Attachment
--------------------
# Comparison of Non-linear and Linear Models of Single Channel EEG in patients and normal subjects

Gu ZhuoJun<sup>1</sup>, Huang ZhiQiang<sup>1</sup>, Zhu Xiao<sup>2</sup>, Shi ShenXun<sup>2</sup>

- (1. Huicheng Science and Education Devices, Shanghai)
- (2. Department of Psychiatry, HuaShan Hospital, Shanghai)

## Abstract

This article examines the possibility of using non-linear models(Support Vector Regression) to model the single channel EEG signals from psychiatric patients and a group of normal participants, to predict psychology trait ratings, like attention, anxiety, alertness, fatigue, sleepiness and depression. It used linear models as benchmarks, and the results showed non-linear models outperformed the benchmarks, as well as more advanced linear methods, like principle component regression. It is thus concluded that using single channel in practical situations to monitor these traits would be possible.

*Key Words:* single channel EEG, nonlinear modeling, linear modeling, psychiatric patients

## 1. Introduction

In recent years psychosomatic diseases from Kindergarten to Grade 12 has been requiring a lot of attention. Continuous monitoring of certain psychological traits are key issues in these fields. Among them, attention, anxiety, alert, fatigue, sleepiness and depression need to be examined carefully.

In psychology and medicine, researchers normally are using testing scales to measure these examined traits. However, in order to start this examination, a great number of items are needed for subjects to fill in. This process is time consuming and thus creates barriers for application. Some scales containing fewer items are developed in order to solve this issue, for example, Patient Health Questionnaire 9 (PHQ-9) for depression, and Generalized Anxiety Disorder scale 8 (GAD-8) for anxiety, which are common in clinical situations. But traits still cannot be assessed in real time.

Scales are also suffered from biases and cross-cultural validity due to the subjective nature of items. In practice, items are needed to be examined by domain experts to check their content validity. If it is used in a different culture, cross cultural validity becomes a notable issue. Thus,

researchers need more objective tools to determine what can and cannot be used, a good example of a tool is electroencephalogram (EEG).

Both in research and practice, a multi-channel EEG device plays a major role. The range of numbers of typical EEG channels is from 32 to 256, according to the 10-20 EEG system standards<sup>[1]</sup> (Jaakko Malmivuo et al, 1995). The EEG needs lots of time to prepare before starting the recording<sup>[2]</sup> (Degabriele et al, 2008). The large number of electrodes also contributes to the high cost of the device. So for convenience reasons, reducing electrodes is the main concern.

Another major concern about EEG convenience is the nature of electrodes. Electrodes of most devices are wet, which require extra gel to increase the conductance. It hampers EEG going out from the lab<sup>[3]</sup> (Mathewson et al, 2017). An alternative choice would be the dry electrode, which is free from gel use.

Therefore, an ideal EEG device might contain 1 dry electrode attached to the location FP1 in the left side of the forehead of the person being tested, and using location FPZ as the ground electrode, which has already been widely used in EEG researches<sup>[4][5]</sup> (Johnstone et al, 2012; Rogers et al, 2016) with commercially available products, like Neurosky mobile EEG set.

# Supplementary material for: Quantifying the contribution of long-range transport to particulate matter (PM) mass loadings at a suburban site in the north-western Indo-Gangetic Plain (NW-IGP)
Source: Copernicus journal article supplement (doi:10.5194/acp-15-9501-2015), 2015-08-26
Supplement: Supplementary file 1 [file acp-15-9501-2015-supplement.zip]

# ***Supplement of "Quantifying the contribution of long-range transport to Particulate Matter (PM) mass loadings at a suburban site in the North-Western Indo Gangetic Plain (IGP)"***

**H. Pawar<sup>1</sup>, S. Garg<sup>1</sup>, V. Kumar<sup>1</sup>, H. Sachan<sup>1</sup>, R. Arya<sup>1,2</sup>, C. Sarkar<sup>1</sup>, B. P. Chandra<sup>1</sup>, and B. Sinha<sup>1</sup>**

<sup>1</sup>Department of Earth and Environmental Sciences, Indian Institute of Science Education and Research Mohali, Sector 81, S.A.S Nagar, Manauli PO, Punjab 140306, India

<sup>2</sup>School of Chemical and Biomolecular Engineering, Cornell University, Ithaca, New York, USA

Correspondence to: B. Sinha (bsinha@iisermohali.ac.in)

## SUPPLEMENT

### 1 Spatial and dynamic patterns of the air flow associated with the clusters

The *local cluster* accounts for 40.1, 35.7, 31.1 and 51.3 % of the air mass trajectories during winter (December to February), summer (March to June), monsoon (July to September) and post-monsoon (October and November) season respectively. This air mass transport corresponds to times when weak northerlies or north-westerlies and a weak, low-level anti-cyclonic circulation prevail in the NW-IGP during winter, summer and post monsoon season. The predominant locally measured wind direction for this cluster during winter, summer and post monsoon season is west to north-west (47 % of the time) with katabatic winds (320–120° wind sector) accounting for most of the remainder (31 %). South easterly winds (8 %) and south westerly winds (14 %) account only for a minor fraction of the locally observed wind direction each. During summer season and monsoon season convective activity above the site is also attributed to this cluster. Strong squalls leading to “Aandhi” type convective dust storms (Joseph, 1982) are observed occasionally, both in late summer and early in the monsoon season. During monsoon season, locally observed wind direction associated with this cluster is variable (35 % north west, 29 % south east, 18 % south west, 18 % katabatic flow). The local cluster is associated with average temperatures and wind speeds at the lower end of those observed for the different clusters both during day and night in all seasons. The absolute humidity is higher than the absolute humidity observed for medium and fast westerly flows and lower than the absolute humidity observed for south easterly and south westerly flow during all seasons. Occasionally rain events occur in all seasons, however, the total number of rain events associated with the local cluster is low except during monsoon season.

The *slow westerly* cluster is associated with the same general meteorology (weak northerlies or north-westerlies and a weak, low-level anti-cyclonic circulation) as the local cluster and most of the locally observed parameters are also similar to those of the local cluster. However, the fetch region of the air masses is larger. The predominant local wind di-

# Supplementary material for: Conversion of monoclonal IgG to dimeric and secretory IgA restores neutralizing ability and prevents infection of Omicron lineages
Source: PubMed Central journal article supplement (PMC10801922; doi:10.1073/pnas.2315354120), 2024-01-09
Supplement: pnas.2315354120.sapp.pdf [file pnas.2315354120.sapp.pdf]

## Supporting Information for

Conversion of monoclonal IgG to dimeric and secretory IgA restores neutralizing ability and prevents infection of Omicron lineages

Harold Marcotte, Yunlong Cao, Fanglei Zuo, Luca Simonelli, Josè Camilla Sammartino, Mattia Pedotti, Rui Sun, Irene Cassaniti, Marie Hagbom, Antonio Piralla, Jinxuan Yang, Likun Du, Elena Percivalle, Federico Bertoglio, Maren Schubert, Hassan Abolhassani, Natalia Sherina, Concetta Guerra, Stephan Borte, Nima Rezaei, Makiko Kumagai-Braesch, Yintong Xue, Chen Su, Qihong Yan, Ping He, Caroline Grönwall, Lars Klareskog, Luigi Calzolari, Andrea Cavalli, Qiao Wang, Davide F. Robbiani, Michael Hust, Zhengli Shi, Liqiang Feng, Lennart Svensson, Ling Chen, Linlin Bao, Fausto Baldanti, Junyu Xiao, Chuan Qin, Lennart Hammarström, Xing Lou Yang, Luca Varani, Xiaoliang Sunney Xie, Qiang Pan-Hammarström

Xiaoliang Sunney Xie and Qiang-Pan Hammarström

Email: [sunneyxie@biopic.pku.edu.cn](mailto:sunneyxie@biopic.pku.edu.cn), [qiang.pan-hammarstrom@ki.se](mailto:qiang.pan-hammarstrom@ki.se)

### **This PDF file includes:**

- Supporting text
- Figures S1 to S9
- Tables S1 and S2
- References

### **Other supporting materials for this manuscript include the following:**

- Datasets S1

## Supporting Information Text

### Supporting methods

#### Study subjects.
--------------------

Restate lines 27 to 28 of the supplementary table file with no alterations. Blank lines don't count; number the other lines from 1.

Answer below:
The *slow westerly* cluster is associated with the same general meteorology (weak northerlies or north-westerlies and a weak, low-level anti-cyclonic circulation) as the local cluster and most of the locally observed parameters are also similar to those of the local cluster. However, the fetch region of the air masses is larger. The predominant local wind di-

# Supplementary material for: Conversion of monoclonal IgG to dimeric and secretory IgA restores neutralizing ability and prevents infection of Omicron lineages